“Mr Darwin is blamed for the finding, and Dr. Gray for standing as its champion on our side of the Atlantic. And for bringing it to Vineland, I am threatened by my employer”, says Thatcher.

“And still your pupils depend on it, Thatcher. Their little families have come here looking for safety, but they will go on labouring under old authorities until their heaven collapses.  Your charge is to lead them out of doors. Teach them to see evidence for themselves and not to fear it.”

‘To stand in the clear light of day, you once said. Unsheltered”

I loved this part of the book, the clash of ideas, the courage needed to challenge and promote new ways of thinking.  How hard would it have been in that time to be a woman scientist or a science teacher, or Darwin for that matter. Or as the story progresses, a journalist who speaks the truth. Sometimes it’s hard even now. 

The other story is that of modern-day Vineland. A family has come to live in the run down house. A family a bit run down themselves.  Willa Knox, a freelance journalist and Iano, her Greek academic husband have chased the security of academic tenure for years, moving from place to place. Yet in the end it is a mirage, and they are left with Iano, her husband working in a small community University on very low pay.  They are financially stretched and feel abandoned by the system that is about to elect “the Bullhorn”, a man who says he could “stand in the middle of Fifth Avenue and shoot somebody, and people would still vote for him”. It seems all of America is falling apart, not just them. They are joined in the house by their daughter Tig, a free spirit who has returned from 2 years in Cuba and who becomes friendly with the ramshackle neighbours who are a family without parents.  In the house is also Iano’s father who is slowly dying, but causing a great stir with his racist cries in the process.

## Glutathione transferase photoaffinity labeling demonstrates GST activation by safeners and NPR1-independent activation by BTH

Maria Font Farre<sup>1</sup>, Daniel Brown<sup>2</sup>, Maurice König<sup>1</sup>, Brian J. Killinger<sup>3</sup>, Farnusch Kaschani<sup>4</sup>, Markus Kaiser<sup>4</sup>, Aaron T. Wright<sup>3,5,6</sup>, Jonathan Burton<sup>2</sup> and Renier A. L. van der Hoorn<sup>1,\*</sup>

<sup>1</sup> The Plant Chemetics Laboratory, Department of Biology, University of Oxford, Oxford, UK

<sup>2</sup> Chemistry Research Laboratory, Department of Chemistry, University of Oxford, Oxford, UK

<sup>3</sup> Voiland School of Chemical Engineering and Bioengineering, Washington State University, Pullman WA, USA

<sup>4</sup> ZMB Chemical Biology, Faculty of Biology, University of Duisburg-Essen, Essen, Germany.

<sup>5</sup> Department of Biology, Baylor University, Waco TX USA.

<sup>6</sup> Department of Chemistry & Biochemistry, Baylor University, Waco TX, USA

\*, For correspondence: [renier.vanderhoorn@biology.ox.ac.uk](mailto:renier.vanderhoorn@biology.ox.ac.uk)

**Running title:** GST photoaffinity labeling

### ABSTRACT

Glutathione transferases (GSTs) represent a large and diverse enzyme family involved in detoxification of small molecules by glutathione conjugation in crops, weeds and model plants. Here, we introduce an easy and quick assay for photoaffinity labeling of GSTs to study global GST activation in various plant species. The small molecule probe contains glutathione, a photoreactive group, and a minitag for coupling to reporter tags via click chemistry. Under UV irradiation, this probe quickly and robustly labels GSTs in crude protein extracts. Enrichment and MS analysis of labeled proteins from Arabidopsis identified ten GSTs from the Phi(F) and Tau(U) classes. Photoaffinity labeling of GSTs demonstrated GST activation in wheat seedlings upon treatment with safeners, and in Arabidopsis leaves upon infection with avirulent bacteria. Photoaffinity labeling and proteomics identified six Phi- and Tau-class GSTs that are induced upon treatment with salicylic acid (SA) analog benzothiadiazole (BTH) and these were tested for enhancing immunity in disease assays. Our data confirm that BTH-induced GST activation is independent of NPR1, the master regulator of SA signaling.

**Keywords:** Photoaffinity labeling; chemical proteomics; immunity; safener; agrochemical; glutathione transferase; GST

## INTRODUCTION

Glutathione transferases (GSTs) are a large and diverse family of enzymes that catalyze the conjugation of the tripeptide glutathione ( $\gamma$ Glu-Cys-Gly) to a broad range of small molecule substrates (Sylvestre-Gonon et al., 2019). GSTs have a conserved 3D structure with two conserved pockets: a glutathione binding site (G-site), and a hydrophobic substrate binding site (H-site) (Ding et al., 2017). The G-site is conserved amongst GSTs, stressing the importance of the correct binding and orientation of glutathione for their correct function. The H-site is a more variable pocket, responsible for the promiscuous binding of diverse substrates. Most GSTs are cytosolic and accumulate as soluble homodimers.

If that is not enough, early on in their story, Helene, their son’s girlfriend commits suicide, leaving Zeke, a Harvard educated capitalist, with a small baby to care for.  He comes home with the baby, called Aldus, later Dusty, eventually leaving the care of him in the hands of his parents and Tig. while he goes back to Boston to continue his business interests. 

Yet they all amazingly try to carry on!

It is a very multilayered story, with the relationships between Willa and Iano, between them and Tig, and between Tig and Zach being front and centre, while the baby and the dying father just add to the chaos. Talk about being unsheltered! Talk about having to let go of things. But somehow it does actually work. 

The link between the two stories is the writings of Mary Treat, who Willa comes to know when she finds out about the history of her house, and the house next door where Mary lived.  In some ways Mary is a confidant not only of Thatcher but also of Willa, giving both strength and support in times of change. I must say I have fallen in love with Mary myself!

While the book is drawn out and some might say tedious, I liked it, for it deals with topics I find close to my heart.  The changing nature of Christianity in the 21stcentury, the issues that face us as a world, including environmental issues but also issues of politics and poverty. And about what a good life really is, is it one with security and a big house, or is it one with love and community? The book is about what we have to let go, as individuals and as a society and a world in order to change and move forward together. And how we do it. Perhaps with less fear and ego and more trust.

As Mary Treat says to Thatcher when they first meet. 

 “We are given to live in a remarkable time.  When the nuisance of old mythologies falls away from us, we may see with new eyes.”

“Without shelter we stand in daylight.” 

Karen